Retirement planning doesn't have to be complicated but can often be neglected because we like to prioritise our current spending. Failing to pay into a pension or disregarding retirement saving might make your bank account a little fuller in the short-term, but when you reach an age where generating an income isn't as easy as it once was, you'll find yourself high and dry if you don't plan ahead. According to a study by Which? the average household needs £18,000 a year to cover household essentials and this doesn't include costs of any bucket-list items you might have been saving for your wonder years - keep reading to find out if you're doing enough to save for your retirement.
You might want to start by finding out how much you already have saved. While household essentials came in under £20,000, the figure rises to an average of £26,000 when you take into consideration 'luxury' additions like leisure activities (what retirements are made for!). If you check up on your funds and they're underperforming, having a reshuffle and seeing what other plans are available will help maximise your assets.
According to the Bureau of Labor Statistics, the average worker will hold 10 different jobs before the age of 40 and this can make keeping up with your work pension schemes difficult. You may have funds saved you've forgotten about entirely and you wouldn't be alone - at the last count, there was £3 billion of unclaimed savings. Workplace pensions can be traced using 'Pension Tracing Service' and for Personal plans give 'The Pensions Advisory Service' a call. This will make sure you are getting all the funds you're entitled to. You may then wish to place all your funds under the same scheme to make keeping track of your savings easier. While this might not be possible with some savings due to penalties or complex clauses, modern schemes can often be cheaper and more tax-savvy, so explore all your options.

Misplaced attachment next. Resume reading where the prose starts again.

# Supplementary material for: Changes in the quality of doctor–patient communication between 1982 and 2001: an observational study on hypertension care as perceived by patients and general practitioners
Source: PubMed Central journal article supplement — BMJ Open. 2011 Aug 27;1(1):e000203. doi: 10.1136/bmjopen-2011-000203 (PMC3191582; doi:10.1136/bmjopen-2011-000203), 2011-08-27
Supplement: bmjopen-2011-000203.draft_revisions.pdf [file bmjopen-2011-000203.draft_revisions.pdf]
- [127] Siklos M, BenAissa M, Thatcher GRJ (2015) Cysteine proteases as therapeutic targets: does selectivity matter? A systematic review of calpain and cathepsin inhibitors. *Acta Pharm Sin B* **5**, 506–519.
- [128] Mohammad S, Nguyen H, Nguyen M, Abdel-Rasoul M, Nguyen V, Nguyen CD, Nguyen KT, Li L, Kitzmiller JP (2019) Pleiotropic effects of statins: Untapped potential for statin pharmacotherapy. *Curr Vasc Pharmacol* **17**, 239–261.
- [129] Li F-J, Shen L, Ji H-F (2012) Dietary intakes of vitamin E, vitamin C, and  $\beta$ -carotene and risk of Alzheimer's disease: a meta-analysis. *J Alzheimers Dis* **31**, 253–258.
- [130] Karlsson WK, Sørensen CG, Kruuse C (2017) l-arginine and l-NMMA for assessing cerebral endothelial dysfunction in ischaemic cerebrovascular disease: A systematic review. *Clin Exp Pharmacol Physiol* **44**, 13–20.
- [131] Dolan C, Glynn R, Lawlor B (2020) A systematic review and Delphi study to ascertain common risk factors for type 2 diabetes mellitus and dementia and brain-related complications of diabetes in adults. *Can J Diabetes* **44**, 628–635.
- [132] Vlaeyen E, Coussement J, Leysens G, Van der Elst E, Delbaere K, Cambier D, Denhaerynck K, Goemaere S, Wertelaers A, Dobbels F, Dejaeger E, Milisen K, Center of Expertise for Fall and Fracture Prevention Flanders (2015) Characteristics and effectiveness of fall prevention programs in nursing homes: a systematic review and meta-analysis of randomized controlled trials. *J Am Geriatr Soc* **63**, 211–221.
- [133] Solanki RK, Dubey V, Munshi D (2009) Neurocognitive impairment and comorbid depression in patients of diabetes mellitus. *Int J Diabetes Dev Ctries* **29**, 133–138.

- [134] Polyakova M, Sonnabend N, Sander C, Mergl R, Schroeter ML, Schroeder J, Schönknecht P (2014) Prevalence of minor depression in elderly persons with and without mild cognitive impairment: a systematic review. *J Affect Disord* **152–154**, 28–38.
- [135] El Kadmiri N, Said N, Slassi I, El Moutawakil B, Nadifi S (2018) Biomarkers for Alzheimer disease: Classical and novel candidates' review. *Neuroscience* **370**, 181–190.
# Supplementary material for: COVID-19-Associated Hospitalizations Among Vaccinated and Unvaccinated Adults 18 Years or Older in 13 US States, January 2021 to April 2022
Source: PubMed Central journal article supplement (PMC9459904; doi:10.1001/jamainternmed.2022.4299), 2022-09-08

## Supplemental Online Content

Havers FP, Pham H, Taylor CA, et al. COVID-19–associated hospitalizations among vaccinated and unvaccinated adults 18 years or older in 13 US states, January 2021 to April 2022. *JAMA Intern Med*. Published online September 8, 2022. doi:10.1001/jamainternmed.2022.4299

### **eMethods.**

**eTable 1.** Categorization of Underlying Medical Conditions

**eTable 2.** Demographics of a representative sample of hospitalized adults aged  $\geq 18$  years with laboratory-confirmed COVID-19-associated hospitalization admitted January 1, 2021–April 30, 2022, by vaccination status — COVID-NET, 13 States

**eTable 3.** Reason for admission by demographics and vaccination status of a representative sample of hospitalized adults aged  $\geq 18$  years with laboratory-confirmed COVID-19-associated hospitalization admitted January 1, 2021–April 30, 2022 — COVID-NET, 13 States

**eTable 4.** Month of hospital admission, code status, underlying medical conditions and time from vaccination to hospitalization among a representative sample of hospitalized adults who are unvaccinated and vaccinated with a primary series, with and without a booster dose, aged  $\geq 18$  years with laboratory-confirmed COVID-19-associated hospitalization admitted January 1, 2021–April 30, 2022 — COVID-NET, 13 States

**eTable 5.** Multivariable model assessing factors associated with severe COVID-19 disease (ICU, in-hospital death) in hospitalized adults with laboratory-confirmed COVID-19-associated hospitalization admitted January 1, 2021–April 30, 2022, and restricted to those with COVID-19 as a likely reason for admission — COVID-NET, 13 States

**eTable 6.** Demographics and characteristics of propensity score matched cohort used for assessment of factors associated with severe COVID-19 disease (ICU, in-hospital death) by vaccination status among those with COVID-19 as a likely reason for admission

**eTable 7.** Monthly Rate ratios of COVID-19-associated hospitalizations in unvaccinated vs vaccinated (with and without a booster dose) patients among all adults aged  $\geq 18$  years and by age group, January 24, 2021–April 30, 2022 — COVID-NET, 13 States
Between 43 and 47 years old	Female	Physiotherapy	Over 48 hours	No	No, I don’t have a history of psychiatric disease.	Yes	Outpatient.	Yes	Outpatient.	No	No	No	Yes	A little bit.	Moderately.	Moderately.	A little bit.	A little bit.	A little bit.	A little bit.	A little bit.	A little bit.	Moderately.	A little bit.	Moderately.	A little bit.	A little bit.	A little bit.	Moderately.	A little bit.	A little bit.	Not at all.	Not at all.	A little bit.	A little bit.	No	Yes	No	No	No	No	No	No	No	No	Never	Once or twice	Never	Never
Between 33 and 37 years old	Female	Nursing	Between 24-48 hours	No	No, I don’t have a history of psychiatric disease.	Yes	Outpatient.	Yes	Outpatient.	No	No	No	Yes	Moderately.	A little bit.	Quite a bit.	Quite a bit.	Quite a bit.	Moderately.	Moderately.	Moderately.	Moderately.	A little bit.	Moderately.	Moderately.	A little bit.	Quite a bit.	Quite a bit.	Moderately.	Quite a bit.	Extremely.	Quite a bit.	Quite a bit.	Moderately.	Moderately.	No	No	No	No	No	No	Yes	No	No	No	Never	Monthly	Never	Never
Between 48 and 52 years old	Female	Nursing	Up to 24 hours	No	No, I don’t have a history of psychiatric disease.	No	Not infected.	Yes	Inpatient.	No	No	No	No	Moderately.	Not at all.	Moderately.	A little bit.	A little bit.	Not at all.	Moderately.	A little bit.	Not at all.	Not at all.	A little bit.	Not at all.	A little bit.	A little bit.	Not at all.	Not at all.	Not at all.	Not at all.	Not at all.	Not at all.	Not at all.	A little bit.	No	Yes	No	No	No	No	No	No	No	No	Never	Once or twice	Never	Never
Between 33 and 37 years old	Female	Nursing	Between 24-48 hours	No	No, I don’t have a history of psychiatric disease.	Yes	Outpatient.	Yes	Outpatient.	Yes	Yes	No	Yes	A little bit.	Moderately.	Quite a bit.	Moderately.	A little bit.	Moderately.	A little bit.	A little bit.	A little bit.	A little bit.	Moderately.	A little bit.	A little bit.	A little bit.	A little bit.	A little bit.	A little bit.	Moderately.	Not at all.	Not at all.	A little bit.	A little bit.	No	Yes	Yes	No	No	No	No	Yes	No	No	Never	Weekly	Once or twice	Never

Pensions are tax-friendly so if you can afford to pay more each month into a retirement fund it can really pay off. You will tend to find increasing the amount you pay into a Workplace pension scheme will prompt your employer to match your contributions. With Personal pension plans, savings are from untaxed earnings resulting in a 25% increase on savings where you would have normally paid 20% income tax on any earnings. If you're a higher rate taxpayer, filing your annual tax return will enable you to claim back additional tax you paid on your contributions.
If you haven't yet started paying into a pension plan, whether it be through work or a personal alternative, it's never too late to start. When taking into consideration tax breaks, even if you haven't accumulated much you'll have dropped into a lower tax band at retirement age and therefore pay less in taxes when you choose to cash out. By law, 25% of the money you take out upon retiring is tax free regardless.